NASA Mulls Using SpaceX to Rescue Astronauts After Russia’s Space Station Leak
On December 15, NASA and its astronauts were faced with a scary situation when a Russian Soyuz spacecraft docked at the International Space Station caused a massive coolant leak just before it was about to begin a spacewalk. by a pair of Russian cosmonauts. The crew on board is safe and not in any immediate danger, but two cosmonauts and a NASA astronaut were supposed to use the Soyuz vehicle to return to Earth early next year. With the spacecraft’s status in limbo, NASA and Roscosmos (Russia’s space agency) have been trying to figure out their options for how to move forward.
To that end, NASA is considering a contingency plan: using a SpaceX Crew Dragon mission to effectively rescue stranded astronauts in the coming months.
“International Space Station teams continue to meet regarding the external leak of the Soyuz MS-22 cooling loop,” a NASA spokesperson told The Daily Beast in an emailed statement. “NASA and Roscosmos will continue to consider options together before making a final decision on how to safely bring the crew home. The Expedition 68 crew remains in good condition, performing maintenance and research activities.
“In addition, we have asked SpaceX some questions about their ability to return additional crew members to Dragon if necessary, but that is not our primary focus at this time.”
SpaceX did not respond to The Daily Beast’s requests for comment.
It’s still unclear what a SpaceX mission would entail. A Crew Dragon spacecraft (named Endeavor) is already docked at the ISS, and more seats could theoretically be added to that mission when it’s supposed to return to Earth next year. But this mission is already filled with four people: NASA astronauts Nicole Mann and Josh Cassada, Japanese astronaut Koichi Wakata and Roscosmos cosmonaut Anna Kikina.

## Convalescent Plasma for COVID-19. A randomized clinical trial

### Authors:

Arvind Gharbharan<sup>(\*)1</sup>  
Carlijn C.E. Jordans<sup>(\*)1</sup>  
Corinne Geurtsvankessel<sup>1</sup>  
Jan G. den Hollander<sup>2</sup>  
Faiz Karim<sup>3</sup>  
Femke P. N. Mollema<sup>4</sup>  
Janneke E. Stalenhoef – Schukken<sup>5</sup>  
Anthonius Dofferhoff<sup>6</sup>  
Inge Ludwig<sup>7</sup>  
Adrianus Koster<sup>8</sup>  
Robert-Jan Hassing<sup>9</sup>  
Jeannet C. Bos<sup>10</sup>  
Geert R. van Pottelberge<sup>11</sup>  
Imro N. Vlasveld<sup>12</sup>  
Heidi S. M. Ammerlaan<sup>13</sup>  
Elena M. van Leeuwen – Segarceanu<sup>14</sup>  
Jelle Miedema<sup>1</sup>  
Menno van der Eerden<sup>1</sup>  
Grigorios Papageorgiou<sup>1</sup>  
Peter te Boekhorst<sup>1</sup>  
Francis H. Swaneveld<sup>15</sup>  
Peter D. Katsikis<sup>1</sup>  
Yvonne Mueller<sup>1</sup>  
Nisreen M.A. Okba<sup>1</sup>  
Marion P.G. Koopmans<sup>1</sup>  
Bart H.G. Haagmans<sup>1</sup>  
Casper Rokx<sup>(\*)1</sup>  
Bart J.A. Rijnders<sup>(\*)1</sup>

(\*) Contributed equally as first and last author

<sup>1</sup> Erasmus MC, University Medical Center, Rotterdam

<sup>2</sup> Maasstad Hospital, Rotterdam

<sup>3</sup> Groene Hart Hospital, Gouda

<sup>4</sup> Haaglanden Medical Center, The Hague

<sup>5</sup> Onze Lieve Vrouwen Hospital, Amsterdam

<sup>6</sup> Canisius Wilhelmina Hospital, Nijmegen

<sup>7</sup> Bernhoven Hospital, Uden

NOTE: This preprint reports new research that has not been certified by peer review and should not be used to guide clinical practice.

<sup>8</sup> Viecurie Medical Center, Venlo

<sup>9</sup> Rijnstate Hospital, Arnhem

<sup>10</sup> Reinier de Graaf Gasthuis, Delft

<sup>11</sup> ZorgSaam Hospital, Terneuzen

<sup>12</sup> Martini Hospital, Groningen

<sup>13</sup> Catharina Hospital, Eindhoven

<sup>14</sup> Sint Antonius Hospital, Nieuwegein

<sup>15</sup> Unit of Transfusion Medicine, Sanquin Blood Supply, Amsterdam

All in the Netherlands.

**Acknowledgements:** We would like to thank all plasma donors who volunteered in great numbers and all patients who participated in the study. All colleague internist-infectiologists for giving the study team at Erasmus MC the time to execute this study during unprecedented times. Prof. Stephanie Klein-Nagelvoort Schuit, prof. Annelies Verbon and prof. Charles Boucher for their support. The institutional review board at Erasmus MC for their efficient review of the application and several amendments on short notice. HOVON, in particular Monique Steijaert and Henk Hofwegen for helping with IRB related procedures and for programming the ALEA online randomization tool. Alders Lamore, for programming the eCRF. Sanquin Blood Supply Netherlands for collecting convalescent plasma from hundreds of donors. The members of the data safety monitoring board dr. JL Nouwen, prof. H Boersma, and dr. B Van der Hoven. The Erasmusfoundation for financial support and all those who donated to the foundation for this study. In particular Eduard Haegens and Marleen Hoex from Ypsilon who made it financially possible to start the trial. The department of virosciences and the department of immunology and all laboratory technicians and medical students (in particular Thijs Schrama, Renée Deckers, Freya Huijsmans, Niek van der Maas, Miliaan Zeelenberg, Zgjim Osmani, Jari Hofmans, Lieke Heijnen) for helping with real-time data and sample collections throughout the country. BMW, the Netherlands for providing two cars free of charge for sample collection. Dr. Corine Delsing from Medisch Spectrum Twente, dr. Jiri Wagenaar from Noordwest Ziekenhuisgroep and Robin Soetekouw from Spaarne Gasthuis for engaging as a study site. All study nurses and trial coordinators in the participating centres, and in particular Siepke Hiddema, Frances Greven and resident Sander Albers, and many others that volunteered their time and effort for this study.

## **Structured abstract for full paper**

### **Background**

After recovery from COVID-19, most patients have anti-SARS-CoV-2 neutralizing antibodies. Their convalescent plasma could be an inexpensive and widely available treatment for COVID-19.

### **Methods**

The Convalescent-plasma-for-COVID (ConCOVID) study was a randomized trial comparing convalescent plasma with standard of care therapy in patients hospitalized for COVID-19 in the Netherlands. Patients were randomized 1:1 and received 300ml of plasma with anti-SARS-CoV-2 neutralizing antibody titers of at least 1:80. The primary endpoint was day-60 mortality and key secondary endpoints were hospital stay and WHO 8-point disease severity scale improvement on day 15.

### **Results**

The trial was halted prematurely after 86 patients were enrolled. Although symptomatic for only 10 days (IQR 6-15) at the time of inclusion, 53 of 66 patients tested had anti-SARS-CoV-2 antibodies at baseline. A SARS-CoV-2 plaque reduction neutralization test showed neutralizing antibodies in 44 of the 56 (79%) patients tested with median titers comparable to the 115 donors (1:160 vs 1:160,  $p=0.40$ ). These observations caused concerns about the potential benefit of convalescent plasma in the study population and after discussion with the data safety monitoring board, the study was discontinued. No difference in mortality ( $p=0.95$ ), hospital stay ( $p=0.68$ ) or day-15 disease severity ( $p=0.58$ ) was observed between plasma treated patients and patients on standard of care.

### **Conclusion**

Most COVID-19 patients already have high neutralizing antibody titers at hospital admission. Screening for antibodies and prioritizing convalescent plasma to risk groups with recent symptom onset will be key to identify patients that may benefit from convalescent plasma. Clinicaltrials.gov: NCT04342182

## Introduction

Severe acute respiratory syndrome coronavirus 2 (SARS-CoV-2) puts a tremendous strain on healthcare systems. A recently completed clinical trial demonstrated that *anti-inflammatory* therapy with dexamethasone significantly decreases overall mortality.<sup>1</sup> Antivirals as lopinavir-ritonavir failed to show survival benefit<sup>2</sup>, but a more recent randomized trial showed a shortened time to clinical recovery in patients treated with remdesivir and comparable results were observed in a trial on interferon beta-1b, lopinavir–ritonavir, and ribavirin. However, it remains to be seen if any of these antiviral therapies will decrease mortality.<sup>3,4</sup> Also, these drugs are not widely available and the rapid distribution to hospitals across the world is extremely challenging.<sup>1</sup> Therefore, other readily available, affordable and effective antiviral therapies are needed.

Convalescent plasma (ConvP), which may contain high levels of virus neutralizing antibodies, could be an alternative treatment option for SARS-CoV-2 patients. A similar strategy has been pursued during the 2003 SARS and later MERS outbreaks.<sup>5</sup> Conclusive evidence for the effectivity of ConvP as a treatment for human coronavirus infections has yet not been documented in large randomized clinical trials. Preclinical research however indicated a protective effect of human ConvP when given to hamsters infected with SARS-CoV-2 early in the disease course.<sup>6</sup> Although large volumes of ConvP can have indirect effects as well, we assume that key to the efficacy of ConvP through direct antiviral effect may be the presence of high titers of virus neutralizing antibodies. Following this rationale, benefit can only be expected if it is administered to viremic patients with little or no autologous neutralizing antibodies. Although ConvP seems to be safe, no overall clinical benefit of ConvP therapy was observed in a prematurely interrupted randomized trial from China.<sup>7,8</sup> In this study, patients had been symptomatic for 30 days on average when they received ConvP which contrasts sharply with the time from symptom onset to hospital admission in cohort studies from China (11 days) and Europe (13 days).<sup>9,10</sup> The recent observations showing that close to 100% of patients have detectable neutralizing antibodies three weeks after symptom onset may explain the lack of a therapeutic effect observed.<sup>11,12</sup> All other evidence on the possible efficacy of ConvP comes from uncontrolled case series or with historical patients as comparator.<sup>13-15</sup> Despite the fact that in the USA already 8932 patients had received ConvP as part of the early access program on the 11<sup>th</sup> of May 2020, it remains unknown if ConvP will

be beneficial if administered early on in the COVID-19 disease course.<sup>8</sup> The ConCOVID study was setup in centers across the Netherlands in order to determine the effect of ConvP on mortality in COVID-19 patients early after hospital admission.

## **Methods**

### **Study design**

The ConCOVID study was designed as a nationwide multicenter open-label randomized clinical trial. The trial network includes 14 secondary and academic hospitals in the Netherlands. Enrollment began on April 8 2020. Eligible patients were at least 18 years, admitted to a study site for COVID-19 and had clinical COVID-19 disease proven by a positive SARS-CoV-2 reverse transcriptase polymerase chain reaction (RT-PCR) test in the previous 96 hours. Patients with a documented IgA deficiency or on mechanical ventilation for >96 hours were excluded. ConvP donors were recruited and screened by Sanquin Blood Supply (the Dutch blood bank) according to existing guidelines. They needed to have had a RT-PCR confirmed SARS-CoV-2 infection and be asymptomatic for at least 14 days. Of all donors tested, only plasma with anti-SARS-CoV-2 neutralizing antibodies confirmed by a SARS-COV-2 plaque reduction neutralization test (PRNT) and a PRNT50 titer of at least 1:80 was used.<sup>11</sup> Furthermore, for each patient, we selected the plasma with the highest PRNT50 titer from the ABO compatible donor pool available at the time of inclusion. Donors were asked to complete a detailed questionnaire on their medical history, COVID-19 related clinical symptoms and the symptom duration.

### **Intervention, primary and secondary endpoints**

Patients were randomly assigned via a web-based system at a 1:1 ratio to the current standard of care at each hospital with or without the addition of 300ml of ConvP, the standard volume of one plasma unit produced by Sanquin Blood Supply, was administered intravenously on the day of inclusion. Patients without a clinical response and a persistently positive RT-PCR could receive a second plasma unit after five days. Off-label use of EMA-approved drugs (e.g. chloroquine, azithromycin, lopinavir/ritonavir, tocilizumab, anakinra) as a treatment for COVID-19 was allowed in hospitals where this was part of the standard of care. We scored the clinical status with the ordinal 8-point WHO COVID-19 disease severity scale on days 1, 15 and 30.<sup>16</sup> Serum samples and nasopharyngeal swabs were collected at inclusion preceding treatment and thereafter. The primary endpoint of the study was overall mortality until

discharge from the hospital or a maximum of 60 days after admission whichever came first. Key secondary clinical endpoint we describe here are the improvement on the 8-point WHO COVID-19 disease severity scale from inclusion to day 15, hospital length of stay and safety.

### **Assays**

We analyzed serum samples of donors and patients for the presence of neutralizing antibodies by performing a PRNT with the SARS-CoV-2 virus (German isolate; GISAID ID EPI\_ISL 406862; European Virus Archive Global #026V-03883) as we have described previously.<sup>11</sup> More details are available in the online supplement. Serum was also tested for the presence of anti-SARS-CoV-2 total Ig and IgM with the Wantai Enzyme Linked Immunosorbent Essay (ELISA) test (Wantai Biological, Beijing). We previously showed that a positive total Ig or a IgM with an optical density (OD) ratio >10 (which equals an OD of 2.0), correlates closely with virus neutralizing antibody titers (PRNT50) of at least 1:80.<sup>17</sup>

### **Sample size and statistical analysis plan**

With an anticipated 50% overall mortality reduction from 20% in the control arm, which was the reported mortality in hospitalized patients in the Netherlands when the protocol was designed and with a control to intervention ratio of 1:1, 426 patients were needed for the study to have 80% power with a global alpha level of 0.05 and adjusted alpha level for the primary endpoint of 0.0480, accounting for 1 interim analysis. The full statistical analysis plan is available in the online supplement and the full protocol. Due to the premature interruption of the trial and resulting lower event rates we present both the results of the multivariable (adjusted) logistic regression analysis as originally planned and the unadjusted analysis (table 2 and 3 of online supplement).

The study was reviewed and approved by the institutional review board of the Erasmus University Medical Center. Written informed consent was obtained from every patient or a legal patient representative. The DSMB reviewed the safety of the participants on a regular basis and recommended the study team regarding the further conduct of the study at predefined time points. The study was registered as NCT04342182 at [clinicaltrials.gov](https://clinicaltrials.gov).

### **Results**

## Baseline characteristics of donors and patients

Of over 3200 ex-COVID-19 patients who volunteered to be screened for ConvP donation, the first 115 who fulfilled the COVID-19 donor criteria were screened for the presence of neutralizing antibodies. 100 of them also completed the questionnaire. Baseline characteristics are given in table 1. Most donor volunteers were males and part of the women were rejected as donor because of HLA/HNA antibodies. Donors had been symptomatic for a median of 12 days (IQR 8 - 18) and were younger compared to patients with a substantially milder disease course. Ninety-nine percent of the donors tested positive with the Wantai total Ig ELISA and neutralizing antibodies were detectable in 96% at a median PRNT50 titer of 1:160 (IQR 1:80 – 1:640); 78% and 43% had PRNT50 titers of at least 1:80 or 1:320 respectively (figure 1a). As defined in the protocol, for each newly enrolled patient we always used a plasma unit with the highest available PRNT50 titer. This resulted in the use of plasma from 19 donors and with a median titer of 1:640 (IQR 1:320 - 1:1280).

Another option would be for NASA to prioritize a new SpaceX Crew Dragon launch to the ISS specifically to pick up the three crew members who were supposed to return to the Soyuz: NASA astronaut Frank Rubio and Russian cosmonauts Sergey Prokopyev and Dimitri Petelin.
The loss of coolant means the current Soyuz capsule is seeing huge temperature increases. NASA has said the capsule’s temperatures remain “within acceptable limits” and it is cooling with vented air flowing through an open hatch to the rest of the ISS. But it seems almost impossible to imagine that the capsule could still be used to transport people to Earth.
The cause of the Soyuz leak remains unknown. An investigation found a hole in the outside of the radiator, which may have been caused by a micrometeor or a small piece of orbital debris. A hardware failure could also be to blame – which would only add more scrutiny to Roscosmos’ growing breakdowns in space.